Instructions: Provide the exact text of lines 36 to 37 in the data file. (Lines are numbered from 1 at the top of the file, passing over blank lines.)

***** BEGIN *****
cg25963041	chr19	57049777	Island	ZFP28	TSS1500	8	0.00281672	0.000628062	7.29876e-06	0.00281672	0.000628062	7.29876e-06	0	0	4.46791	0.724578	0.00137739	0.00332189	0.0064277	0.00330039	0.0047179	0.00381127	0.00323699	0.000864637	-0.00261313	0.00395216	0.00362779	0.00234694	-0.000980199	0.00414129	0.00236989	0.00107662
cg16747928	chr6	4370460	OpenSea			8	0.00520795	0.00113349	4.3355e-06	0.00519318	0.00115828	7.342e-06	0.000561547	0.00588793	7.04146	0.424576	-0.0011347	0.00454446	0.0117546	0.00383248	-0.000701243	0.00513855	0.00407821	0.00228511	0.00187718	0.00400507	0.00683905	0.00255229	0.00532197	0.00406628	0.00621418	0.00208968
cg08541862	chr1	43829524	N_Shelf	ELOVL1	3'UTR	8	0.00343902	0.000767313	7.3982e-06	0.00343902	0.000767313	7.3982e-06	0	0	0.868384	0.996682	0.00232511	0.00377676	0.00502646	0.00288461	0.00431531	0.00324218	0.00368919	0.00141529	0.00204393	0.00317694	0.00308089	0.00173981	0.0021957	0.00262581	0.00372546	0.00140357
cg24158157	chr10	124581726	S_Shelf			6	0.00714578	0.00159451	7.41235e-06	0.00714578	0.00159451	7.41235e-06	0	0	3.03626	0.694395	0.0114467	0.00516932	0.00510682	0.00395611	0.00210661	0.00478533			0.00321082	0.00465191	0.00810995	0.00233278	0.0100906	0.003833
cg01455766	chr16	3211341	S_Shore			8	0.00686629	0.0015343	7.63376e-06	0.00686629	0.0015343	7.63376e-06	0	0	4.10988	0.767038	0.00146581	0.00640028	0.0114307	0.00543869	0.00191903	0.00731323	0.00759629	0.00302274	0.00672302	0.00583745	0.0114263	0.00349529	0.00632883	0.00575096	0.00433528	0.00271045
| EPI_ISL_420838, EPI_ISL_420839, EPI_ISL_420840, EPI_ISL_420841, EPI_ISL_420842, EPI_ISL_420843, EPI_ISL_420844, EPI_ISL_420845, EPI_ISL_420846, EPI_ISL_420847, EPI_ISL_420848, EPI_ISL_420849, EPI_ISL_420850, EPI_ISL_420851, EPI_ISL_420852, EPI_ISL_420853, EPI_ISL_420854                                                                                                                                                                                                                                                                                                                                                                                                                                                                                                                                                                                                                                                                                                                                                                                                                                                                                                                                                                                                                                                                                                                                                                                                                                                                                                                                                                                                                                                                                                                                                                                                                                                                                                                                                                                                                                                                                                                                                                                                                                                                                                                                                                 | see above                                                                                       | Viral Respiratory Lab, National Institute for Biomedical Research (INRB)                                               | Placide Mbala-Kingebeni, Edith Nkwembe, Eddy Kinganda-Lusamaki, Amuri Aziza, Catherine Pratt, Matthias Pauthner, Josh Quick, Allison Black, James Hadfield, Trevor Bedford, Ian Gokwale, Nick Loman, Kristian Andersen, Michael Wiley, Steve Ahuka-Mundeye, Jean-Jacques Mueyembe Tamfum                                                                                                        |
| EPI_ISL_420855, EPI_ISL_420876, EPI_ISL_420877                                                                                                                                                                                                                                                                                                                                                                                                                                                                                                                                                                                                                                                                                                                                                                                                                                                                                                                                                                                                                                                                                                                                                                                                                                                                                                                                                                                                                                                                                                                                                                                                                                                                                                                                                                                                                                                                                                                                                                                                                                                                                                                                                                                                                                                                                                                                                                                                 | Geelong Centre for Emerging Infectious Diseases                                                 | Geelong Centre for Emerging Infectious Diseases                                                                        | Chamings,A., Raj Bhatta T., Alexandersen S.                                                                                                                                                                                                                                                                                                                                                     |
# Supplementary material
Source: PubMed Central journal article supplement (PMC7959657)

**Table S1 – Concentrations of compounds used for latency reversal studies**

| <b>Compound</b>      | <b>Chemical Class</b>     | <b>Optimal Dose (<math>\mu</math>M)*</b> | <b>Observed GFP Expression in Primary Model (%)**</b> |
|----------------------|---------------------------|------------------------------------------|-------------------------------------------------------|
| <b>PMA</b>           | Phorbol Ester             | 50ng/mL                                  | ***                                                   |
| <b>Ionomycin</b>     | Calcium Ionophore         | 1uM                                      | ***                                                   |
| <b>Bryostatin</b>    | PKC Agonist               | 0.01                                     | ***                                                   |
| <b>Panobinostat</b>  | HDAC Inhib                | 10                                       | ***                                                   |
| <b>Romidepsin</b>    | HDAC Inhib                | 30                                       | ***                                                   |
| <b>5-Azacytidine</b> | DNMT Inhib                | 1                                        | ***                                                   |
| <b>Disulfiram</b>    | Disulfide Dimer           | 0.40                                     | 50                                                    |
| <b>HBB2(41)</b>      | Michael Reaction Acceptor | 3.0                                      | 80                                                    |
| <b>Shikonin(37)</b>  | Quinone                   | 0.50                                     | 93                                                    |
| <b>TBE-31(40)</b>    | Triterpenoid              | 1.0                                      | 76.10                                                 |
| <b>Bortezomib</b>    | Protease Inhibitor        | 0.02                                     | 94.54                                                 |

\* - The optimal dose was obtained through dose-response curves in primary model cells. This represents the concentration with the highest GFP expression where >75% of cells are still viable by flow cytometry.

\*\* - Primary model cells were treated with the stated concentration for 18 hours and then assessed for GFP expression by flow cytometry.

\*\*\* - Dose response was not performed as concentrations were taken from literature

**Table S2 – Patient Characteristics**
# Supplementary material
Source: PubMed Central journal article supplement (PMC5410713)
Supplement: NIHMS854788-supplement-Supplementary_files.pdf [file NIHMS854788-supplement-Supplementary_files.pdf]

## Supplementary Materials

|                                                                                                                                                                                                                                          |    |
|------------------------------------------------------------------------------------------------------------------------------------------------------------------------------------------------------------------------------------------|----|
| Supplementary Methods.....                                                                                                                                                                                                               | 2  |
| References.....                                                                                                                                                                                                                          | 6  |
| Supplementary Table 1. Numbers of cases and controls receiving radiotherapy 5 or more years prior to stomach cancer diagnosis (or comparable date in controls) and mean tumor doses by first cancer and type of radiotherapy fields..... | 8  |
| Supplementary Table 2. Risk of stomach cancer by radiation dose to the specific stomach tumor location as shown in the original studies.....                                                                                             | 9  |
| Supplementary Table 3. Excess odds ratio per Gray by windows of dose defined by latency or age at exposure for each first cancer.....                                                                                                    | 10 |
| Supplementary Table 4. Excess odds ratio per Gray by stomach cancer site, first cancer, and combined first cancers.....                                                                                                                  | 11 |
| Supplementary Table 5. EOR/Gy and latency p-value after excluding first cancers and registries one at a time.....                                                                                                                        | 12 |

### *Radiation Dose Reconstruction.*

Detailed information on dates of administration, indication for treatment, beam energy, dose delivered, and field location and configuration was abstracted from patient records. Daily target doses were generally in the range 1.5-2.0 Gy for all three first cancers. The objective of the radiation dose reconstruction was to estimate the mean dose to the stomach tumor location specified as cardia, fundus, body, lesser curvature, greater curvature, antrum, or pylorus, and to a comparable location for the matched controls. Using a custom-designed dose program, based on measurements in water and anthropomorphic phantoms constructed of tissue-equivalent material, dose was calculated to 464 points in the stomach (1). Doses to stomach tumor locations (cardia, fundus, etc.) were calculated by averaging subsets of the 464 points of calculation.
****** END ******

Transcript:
| Supplementary Table 1. Numbers of cases and controls receiving radiotherapy 5 or more years prior to stomach cancer diagnosis (or comparable date in controls) and mean tumor doses by first cancer and type of radiotherapy fields..... | 8  |
| Supplementary Table 2. Risk of stomach cancer by radiation dose to the specific stomach tumor location as shown in the original studies.....                                                                                             | 9  |